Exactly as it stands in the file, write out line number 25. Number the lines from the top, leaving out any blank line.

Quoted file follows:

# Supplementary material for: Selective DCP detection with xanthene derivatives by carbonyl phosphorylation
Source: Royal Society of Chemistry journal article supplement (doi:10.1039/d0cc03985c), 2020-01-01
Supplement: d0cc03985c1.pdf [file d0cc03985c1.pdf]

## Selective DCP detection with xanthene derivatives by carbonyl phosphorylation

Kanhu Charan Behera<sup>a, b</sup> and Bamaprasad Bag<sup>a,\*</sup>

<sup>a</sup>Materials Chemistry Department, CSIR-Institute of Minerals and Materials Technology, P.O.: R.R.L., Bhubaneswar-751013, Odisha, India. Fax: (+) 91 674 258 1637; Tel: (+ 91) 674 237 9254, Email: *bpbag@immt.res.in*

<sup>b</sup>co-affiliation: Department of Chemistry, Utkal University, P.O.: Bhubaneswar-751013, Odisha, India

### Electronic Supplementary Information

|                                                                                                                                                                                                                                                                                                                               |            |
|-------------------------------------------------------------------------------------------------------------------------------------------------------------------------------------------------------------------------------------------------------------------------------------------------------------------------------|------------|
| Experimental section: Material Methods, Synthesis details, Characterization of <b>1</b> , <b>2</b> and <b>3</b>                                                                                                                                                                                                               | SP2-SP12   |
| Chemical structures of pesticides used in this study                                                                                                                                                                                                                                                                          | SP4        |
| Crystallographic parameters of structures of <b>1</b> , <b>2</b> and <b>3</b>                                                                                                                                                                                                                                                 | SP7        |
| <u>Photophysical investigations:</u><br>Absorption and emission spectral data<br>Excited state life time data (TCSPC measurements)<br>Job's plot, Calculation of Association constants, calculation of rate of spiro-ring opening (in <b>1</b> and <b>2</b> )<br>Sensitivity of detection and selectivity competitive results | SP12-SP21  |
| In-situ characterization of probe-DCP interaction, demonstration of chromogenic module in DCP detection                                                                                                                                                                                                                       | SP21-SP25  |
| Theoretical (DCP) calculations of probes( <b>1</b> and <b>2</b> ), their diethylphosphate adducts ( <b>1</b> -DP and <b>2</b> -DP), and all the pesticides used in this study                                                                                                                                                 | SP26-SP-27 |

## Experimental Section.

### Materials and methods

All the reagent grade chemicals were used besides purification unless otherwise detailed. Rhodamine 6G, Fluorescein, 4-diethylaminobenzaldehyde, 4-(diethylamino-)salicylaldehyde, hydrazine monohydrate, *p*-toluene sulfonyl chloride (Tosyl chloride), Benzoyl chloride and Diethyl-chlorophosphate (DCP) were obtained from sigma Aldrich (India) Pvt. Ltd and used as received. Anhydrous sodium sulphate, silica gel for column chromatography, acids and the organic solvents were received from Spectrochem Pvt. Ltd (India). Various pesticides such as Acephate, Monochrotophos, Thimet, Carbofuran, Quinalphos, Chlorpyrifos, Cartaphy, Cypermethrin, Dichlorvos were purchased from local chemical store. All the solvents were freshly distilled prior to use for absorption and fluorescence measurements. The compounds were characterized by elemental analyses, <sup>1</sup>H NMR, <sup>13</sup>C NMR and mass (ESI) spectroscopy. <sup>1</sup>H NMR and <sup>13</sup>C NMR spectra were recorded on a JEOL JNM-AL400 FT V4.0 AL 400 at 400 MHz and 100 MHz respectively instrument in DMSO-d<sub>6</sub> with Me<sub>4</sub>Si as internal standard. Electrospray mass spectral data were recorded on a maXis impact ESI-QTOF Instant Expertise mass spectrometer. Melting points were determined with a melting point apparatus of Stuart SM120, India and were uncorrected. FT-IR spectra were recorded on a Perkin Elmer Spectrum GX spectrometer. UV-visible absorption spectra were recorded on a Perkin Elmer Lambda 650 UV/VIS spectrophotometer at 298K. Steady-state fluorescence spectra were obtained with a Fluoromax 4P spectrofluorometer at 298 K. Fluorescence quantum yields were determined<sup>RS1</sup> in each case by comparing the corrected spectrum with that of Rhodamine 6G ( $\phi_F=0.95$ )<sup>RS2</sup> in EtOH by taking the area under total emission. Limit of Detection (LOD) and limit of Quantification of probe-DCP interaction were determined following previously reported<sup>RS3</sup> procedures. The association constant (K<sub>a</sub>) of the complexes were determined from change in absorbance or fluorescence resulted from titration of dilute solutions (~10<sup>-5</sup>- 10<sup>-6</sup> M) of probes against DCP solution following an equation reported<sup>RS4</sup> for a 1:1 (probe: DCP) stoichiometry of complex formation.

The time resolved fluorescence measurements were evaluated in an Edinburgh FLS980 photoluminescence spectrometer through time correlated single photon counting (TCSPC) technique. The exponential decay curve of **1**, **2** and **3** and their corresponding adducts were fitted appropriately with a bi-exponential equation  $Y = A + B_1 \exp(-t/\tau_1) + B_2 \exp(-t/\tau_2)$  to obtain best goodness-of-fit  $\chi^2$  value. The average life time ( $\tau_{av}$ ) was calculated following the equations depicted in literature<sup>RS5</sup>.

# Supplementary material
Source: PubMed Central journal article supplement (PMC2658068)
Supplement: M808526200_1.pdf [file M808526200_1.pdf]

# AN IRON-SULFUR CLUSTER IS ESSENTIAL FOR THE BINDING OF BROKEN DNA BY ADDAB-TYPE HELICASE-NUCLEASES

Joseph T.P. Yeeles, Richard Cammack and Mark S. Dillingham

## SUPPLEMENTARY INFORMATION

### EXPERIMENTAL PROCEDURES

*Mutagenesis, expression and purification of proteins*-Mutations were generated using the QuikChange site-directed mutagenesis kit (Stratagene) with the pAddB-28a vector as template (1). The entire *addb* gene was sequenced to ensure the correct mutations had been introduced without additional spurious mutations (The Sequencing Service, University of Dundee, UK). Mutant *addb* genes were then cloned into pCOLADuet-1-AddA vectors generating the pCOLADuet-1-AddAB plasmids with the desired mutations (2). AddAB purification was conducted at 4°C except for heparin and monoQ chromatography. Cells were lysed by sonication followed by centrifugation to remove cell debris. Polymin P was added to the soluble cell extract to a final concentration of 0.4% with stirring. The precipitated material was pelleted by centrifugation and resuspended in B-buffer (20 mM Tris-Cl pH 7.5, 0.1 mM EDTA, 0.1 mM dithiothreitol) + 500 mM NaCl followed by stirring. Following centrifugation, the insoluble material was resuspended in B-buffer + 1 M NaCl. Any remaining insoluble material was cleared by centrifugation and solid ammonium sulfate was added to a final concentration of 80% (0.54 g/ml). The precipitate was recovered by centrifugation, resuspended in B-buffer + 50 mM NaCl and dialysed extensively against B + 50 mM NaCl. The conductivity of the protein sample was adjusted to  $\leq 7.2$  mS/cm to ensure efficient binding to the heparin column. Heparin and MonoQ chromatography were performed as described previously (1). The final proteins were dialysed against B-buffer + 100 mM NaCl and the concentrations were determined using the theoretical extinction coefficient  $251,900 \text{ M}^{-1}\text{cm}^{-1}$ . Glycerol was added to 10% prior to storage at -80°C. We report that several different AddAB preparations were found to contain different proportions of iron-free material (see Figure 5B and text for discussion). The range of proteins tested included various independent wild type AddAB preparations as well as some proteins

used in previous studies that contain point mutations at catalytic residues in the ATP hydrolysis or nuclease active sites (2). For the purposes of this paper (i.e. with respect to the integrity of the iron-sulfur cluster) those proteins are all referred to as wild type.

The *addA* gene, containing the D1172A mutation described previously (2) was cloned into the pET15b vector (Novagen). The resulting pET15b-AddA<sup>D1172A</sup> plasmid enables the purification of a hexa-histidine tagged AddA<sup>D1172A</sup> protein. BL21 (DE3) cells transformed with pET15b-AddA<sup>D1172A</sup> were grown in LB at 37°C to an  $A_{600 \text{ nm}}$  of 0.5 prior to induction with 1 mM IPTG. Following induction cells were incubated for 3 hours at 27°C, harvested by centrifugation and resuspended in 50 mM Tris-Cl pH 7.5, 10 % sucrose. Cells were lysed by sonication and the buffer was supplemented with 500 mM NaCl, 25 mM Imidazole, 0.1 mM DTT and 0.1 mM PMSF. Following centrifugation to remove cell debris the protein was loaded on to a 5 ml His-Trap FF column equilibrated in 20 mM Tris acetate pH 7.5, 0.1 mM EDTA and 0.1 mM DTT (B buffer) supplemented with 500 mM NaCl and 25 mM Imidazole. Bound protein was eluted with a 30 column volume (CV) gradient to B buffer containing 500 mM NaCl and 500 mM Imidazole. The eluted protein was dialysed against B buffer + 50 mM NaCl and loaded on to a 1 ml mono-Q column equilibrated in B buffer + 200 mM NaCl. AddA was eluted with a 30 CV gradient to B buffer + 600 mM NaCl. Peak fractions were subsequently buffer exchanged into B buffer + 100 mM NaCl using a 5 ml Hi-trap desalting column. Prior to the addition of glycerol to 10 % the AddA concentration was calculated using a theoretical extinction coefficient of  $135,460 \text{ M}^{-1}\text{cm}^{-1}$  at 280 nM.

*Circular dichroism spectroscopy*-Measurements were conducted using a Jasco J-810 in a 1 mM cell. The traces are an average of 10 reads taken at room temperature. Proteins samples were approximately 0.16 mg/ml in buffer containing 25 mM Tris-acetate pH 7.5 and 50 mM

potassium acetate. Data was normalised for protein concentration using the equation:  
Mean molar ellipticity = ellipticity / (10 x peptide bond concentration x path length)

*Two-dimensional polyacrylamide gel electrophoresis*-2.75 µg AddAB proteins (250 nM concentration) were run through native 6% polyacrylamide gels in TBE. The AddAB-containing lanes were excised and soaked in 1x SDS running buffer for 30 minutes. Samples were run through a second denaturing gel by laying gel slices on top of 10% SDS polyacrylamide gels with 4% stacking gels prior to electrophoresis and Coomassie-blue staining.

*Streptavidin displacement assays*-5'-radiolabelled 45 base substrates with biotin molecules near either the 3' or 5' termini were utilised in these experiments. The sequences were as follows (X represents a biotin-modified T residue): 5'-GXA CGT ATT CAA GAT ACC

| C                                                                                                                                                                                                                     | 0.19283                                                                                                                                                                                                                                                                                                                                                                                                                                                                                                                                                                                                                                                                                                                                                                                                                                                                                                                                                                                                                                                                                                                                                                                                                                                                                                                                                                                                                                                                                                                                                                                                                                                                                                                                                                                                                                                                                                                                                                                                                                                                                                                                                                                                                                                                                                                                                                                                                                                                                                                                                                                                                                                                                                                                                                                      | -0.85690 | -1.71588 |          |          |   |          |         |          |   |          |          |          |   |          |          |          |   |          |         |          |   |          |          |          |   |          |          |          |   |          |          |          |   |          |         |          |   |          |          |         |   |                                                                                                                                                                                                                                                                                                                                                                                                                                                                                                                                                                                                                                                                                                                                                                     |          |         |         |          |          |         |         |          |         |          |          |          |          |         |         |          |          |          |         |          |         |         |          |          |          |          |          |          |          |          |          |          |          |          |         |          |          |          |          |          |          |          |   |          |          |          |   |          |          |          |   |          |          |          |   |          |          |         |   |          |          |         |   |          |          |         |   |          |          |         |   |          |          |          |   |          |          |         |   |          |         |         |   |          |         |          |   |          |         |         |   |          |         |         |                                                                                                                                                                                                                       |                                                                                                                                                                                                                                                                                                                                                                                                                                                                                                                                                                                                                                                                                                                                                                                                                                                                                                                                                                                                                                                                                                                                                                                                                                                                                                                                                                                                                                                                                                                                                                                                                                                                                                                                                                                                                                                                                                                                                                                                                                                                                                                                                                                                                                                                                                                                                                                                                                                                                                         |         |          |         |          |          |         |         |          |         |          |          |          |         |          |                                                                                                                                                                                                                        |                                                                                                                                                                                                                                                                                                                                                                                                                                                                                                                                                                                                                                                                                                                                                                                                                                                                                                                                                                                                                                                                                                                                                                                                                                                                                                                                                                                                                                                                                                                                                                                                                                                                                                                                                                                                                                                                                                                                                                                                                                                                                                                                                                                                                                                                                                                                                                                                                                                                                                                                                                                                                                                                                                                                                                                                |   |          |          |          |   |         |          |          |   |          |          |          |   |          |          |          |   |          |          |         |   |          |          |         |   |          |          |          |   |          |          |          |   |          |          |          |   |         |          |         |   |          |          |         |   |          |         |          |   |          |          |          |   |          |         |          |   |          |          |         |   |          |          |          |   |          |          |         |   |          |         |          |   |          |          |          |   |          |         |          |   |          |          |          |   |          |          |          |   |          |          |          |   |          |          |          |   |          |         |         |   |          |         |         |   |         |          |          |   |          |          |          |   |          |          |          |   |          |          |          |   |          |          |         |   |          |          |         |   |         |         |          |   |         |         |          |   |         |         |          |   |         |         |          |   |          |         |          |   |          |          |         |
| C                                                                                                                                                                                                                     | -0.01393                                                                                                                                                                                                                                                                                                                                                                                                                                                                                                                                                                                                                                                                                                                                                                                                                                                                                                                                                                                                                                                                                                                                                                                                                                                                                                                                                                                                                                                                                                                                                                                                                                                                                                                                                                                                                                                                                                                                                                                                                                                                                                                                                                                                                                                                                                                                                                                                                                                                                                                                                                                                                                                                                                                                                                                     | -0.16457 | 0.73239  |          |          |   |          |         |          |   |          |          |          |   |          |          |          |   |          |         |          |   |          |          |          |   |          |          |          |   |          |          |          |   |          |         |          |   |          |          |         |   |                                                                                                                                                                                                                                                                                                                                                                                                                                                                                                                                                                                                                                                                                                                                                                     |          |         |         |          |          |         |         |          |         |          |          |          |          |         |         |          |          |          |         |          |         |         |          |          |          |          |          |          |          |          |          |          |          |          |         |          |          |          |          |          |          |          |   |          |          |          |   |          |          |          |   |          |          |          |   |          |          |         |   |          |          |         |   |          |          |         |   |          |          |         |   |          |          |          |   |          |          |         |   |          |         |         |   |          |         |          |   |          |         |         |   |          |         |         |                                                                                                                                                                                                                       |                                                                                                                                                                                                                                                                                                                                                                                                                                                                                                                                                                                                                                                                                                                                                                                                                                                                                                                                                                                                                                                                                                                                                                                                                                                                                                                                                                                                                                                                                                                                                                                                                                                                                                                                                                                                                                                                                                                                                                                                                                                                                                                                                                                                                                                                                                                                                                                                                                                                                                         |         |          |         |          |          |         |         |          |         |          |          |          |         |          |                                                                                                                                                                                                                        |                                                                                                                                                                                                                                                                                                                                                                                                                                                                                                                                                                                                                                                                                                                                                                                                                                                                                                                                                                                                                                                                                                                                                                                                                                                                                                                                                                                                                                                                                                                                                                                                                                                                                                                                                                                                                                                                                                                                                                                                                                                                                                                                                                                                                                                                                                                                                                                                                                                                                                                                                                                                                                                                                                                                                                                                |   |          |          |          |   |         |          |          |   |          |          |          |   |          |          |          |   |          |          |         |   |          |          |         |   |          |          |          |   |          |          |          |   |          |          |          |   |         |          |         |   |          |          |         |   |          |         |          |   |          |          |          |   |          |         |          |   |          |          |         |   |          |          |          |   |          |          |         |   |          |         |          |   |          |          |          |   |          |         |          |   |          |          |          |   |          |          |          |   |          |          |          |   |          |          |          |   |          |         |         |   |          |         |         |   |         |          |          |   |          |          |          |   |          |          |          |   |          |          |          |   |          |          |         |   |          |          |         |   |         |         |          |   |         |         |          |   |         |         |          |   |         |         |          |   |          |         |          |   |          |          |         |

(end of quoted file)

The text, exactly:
Joseph T.P. Yeeles, Richard Cammack and Mark S. Dillingham